2nd Annual Modern Coptic Martyrs Remembrance Day in DC

More than a grain truth here

On the David Bentley Hart New Testament

It should surprise no one that there is a veritable cavalcade of theologians and clergy lined up to write something about this new text. Given what I have read about it so far, this amount of attention is deserved given Mr. Hart's popularity (not to mention his charged beliefs on things like universal salvation). As always, Fr. Lawrence Farley has a timely article on the topic. It is entitled "The Deep Melancholy of David Bentley Hart." An excerpt is below.

Dr. Hart has recently completed his translation of the New Testament, and it is now for sale at a book store near you. One naturally asks, “Why do we need another translation of the New Testament since so many translations already abound?” One could understand someone wanting to have another crack at translating the Old Testament, since the verbal concision of the Hebrew tongue and the corruption of the text at a number of places offer opportunity for a number of different readings—to say nothing of the question of how to factor in the Septuagint readings in a modern English translation. But the New Testament? Surely the field has been worked over pretty thoroughly and no real puzzles remain? And the versions offered by individuals have not always met with universal acclaim as worthy alternatives—versions such as those by William Barclay, J.B. Phillips, Ken Taylor, and Eugene Peterson.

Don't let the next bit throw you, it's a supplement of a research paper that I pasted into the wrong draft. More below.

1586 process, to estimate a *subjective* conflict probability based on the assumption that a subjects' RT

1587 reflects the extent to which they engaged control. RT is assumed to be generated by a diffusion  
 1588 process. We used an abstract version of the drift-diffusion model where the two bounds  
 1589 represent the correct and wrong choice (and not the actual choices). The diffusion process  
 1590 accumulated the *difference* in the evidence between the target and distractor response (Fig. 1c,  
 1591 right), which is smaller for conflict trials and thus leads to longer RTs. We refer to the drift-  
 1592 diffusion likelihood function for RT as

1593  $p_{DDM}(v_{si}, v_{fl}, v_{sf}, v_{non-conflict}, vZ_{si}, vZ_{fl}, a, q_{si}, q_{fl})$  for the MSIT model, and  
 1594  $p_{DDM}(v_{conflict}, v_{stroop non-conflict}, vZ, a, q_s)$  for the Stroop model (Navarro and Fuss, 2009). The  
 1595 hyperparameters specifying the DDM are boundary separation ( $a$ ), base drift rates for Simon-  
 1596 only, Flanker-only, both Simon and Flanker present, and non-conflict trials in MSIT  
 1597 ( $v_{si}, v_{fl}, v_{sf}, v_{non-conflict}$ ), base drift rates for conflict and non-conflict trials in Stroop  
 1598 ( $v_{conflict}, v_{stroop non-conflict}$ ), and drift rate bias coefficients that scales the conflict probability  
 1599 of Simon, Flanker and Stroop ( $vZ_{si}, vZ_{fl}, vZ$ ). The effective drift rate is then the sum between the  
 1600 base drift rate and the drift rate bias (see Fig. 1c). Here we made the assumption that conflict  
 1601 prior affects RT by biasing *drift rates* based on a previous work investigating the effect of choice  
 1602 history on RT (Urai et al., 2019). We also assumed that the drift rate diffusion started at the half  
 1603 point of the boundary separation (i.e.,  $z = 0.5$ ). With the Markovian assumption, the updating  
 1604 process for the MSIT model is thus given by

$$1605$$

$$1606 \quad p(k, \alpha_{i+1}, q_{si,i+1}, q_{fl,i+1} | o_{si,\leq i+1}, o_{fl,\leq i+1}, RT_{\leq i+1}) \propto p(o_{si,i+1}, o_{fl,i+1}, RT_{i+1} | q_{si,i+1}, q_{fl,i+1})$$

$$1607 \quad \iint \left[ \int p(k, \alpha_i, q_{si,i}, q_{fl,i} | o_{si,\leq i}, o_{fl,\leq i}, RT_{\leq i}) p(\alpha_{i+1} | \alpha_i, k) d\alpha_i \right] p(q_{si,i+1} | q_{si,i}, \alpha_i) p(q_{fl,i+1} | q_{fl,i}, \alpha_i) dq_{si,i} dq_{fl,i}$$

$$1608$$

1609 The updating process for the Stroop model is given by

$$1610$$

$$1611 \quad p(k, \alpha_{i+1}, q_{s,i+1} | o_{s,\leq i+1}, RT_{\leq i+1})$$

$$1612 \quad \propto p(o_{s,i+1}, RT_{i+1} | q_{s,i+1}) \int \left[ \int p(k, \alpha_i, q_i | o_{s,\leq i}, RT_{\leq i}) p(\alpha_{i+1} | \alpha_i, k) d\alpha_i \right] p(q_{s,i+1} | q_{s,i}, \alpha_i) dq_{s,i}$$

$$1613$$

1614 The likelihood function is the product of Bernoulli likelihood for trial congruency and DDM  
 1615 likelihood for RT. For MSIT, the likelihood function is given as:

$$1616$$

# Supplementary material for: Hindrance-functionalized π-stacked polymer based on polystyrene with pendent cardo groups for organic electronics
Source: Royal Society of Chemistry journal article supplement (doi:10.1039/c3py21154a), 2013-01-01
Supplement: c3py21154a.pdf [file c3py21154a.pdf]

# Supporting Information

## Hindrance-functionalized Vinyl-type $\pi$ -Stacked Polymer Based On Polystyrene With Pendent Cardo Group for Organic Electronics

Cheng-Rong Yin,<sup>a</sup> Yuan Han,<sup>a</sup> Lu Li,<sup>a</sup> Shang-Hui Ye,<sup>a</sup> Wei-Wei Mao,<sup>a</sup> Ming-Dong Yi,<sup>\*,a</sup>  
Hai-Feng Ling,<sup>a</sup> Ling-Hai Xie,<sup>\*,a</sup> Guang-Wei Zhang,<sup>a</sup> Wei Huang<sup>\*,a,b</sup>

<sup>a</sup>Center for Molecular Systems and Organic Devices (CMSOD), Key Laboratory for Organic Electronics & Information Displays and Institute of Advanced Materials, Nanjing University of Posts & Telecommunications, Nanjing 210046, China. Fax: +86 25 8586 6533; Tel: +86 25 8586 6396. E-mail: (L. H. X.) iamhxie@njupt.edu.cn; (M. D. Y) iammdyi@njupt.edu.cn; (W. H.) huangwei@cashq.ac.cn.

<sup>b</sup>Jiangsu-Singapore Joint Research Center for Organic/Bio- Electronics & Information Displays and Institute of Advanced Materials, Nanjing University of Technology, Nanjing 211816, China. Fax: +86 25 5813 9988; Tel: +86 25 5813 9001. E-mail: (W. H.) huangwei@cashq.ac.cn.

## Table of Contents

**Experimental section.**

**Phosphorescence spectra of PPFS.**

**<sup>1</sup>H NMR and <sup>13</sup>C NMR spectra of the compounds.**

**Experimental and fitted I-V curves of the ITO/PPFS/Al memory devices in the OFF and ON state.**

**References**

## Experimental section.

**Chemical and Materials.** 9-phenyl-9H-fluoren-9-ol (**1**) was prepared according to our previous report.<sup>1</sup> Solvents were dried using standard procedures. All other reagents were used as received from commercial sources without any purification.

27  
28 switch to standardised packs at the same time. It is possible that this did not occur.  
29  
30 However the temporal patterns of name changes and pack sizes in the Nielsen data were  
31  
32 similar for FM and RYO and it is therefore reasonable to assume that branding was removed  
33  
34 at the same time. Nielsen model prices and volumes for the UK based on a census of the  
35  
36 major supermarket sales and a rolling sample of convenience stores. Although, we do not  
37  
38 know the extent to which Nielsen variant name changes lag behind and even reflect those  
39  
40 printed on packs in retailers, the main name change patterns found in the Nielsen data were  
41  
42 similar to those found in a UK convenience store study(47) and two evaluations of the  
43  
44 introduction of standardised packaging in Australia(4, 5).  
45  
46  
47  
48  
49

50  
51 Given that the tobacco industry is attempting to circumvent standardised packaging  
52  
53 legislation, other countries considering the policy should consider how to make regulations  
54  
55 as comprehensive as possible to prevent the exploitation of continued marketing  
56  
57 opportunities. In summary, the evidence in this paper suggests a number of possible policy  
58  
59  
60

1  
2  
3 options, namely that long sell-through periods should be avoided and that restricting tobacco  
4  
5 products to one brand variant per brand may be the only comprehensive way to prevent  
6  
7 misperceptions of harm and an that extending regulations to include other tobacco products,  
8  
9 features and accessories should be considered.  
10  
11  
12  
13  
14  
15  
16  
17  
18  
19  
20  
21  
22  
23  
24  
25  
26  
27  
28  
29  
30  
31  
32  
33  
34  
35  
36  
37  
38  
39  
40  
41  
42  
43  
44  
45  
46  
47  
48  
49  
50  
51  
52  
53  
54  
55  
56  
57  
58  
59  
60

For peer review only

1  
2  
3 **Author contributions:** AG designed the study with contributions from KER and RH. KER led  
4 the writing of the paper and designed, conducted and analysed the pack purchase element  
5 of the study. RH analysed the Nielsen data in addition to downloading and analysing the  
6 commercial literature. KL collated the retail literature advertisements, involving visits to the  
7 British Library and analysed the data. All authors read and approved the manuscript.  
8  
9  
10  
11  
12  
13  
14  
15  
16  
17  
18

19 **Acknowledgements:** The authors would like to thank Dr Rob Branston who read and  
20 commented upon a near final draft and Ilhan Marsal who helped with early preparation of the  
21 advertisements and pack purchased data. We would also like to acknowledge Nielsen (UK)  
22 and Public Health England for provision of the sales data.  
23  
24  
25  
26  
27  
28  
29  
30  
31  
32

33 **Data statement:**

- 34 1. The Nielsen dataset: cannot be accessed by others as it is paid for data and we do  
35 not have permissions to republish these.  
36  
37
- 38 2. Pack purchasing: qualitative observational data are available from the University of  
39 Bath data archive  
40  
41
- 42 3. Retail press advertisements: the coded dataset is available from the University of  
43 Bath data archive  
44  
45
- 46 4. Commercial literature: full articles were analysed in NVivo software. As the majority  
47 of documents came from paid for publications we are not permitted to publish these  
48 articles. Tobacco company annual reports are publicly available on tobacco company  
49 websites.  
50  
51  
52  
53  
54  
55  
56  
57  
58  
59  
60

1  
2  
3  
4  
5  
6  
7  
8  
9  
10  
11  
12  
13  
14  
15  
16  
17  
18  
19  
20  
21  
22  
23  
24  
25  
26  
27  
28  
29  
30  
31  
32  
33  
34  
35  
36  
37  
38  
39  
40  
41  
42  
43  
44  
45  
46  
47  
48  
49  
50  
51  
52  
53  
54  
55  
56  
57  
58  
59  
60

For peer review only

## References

Dr. Hart lets us know why he thinks we need yet another version of the New Testament—present translations are not sufficiently literal and serve to hide from their readers the radicality of what the texts actually say. Reading them in the old versions such as the RSV, the King James Version, and the New American Standard Bible, leave us too cozily at ease in Zion, and we might imagine that we are like the Christians of the first century when in fact we are utterly different. If we were to read the New Testament with the fresh and newly-opened eyes free from the bias foisted on us by centuries of tradition, we would see for ourselves how unlike the first Christians were from ourselves, and how utterly we fail to understand the New Testament’s radical message. Indeed, we comfortable Christians would regard our first century compatriots as “fairly obnoxious: civilly reprobate, ideologically unsound, economically destructive, politically irresponsible, socially discreditable, and really just a bit indecent”. Hence Hart’s title for his explanatory essay of 2016, “Christ’s Rabble”.